An archive of whose own? White feminism and racial justice in fan fiction's digital infrastructure

Alexis Lothian

University of Maryland, College Park, Maryland, United States

Mel Stanfill

University of Central Florida, Orlando, Florida, United States

[0.1] Abstract—In summer 2020, when the language of racial reckoning entered US and transnational public spheres following the murder of George Floyd, the contradictions of fandom's long-standing claims to progressive politics became sharply visible. An open letter with specific demands asking the fan fiction platform Archive of Our Own (AO3) to address the issue of racist content in the archive circulated widely. After offering a brief history of critiques of fannish racism, we turn to the specifics of AO3, the political commitments embedded in its systems, and how attention to racial justice could transform them. Drawing on fan fiction genres, we offer three potential models for thinking through these possibilities: a fix-it that would extend AO3's existing metadata structures; a canon divergence that would alter the makeup of the content on AO3; and an alternative universe that draws from abolitionist organizing to imagine the broadest structural changes of all.

[0.2] Keywords—AO3; Content moderation; Metadata; Platforms; Racism; Transformative justice

Lothian, Alexis, and Mel Stanfill. 2021. "An Archive of Whose Own? White Feminism and Racial Justice in Fan Fiction's Digital Infrastructure." Transformative Works and Cultures, no. 36.

1. Introduction

[1.1] When scholars and fans discuss the politics of transformative works fandom, they tend to assume that it is progressive (Stanfill 2020). Even if the statement "fandom is progressive" were unarguably true, however, it would not guarantee racial inclusion. It is quite possible to be progressive in some ways and nevertheless racist, as scholarly and social movement critiques of white supremacy have long demonstrated (Combahee River Collective 1981; Reddy 2011). This presumption of progressiveness has suppressed attention to structural inequality within fandom, particularly racism (Pande 2016, 2018a; Stanfill 2019, 2020). This article looks at the racial structures underpinning one of the fandom institutions most widely seen as progressive, the fan fiction platform Archive of Our Own (hereafter AO3 or the Archive), and the nonprofit Organization for Transformative Works (hereafter OTW) that maintains it. Arguing that some form of action toward the unmaking of structural racism within AO3 is urgent and necessary, we examine some possibilities for what that action could be, working through the contradictions and implications each possibility entails.

[1.2] In the summer of 2020, when the language of racial reckoning entered US and transnational public spheres following the murder of George Floyd and the widespread uprisings protesting his addition to the litany of Black people killed by white supremacy, the contradictions of fandom's claims to progressive politics became sharply visible. On June 10, 2020, the OTW released its usual weekly collection of fandom-related news—including events relevant to the racial moment such as Star Wars actor John Boyega's impassioned speech at a London Black Lives Matter Rally (Suliman 2020) and fans of Korean pop music electronically shouting down a white supremacist hashtag (Lee 2020)—but made no particular statement of solidarity on its own behalf (Jess H. 2020a). Fans of color, who saw this as the latest in a long line of instances where the OTW and AO3 had not been responsive to their needs, expressed anger. A 2020 open letter with specific demands asking AO3 to address the issue of racist content in the archive began to circulate, eventually garnering 1,663 signatures (including the authors'); OTW responded on June 24 with a promise to address the concerns ("Open Letter to the OTW on Racism in Fandom" 2020; Jess H. 2020b). This article takes up the long-standing issues raised by the open letter, unpacking and contextualizing how racist content on AO3 might be addressed. What is particular about racism in transformative works fandom, and how might it best be contested? How could AO3's users, networks, and systems best participate in the work of dismantling fannish racism?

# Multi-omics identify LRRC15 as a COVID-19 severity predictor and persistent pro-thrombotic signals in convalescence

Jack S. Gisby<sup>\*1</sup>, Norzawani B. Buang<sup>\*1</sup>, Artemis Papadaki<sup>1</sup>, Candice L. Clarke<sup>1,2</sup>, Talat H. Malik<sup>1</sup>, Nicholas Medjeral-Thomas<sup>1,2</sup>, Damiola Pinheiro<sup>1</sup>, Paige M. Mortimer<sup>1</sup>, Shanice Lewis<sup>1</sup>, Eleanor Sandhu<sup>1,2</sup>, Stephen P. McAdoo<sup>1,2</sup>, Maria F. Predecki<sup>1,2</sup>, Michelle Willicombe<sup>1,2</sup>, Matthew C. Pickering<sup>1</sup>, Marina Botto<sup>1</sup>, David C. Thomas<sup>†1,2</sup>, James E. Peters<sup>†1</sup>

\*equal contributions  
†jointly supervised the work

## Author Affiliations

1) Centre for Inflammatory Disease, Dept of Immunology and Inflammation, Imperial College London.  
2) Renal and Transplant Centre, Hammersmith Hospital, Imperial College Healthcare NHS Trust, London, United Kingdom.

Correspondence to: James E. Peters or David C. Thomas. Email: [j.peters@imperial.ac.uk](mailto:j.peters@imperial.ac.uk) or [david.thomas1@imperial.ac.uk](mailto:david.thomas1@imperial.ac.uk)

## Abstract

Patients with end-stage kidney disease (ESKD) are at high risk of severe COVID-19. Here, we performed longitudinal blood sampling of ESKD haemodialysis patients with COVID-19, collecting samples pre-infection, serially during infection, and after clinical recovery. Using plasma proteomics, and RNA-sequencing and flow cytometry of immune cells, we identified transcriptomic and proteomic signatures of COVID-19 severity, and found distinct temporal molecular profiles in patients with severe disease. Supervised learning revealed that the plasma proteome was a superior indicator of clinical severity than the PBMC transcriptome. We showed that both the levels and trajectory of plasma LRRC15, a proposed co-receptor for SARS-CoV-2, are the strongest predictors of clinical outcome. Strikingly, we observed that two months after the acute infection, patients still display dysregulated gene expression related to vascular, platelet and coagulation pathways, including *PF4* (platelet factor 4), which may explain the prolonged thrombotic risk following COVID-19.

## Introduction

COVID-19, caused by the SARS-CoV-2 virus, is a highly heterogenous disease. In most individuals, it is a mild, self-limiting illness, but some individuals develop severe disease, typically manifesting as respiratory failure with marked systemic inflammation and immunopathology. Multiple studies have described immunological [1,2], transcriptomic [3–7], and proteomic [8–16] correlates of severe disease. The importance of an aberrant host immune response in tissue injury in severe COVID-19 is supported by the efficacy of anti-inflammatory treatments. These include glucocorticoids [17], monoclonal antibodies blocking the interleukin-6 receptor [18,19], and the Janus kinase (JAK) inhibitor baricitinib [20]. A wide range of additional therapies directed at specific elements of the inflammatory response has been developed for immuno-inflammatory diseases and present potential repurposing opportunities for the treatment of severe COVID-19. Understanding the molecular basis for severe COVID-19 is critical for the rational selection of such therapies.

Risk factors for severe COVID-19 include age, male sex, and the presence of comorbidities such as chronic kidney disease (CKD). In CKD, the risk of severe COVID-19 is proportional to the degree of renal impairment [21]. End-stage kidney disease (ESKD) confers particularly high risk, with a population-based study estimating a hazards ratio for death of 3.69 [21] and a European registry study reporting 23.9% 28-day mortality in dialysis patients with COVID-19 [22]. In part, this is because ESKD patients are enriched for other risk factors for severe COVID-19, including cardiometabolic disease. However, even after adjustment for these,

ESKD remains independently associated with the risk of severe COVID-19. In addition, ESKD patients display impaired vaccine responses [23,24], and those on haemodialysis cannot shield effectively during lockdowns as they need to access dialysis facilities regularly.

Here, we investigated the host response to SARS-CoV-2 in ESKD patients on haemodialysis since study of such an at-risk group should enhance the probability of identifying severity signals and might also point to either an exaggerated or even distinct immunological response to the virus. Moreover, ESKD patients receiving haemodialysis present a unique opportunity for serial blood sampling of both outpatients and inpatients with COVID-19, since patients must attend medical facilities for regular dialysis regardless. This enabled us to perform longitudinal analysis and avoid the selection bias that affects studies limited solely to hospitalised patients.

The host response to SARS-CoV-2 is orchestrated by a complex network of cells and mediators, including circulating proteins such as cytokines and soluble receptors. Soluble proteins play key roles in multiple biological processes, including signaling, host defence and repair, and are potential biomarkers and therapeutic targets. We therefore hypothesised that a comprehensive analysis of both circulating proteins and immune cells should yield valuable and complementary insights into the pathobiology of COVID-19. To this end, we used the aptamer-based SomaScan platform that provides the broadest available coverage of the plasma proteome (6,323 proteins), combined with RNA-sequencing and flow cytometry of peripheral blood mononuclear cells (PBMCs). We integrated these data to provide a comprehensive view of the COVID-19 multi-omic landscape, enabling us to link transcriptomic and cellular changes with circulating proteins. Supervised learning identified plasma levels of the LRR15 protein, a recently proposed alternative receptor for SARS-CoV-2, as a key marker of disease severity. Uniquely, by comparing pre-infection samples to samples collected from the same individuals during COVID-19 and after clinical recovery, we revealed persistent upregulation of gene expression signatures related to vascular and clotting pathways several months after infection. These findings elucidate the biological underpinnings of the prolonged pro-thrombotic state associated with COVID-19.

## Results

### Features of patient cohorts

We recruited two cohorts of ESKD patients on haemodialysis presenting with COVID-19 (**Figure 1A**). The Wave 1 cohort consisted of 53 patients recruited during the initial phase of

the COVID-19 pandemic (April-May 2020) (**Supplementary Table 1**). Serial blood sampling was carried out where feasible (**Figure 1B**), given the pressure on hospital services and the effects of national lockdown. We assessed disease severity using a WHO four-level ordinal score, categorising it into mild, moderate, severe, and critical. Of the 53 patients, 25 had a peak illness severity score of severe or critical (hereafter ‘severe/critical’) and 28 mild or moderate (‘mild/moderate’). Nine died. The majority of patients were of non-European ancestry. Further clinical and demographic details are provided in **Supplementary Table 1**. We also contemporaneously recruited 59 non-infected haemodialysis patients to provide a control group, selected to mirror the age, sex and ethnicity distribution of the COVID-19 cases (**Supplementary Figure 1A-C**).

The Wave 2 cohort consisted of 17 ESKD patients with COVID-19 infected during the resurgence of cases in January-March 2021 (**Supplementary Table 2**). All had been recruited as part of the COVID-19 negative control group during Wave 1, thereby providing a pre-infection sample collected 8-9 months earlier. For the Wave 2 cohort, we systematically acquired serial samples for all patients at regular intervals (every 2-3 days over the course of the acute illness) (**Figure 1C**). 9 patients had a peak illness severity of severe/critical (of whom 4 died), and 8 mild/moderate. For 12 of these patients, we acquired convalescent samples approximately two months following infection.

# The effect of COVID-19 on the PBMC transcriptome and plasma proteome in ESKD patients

[1.3] AO3's creators have sought maximal inclusivity since the Archive's foundation at a moment when platforms had imposed restrictions on fan fiction. In particular, cofounder Francesca Coppa (2014, 78) writes that AO3 demonstrates "what information science looks like in a feminist universe." The problem is that this universe has particular, and particularly racialized, limits. The principles of free expression and radical copyright on which AO3 is built assume a shared set of values and the power of good faith—but these are insufficient to reckon with the structuring reality of whiteness in fandom. We argue that AO3 falls short on its promise of inclusion as a consequence of the progressive, feminist, predominantly white community whose norms were encoded into the archive. This whiteness becomes visible when the Archive is challenged to take users' experiences of race and racism into account—a task that was long treated as outside the scope of its mission.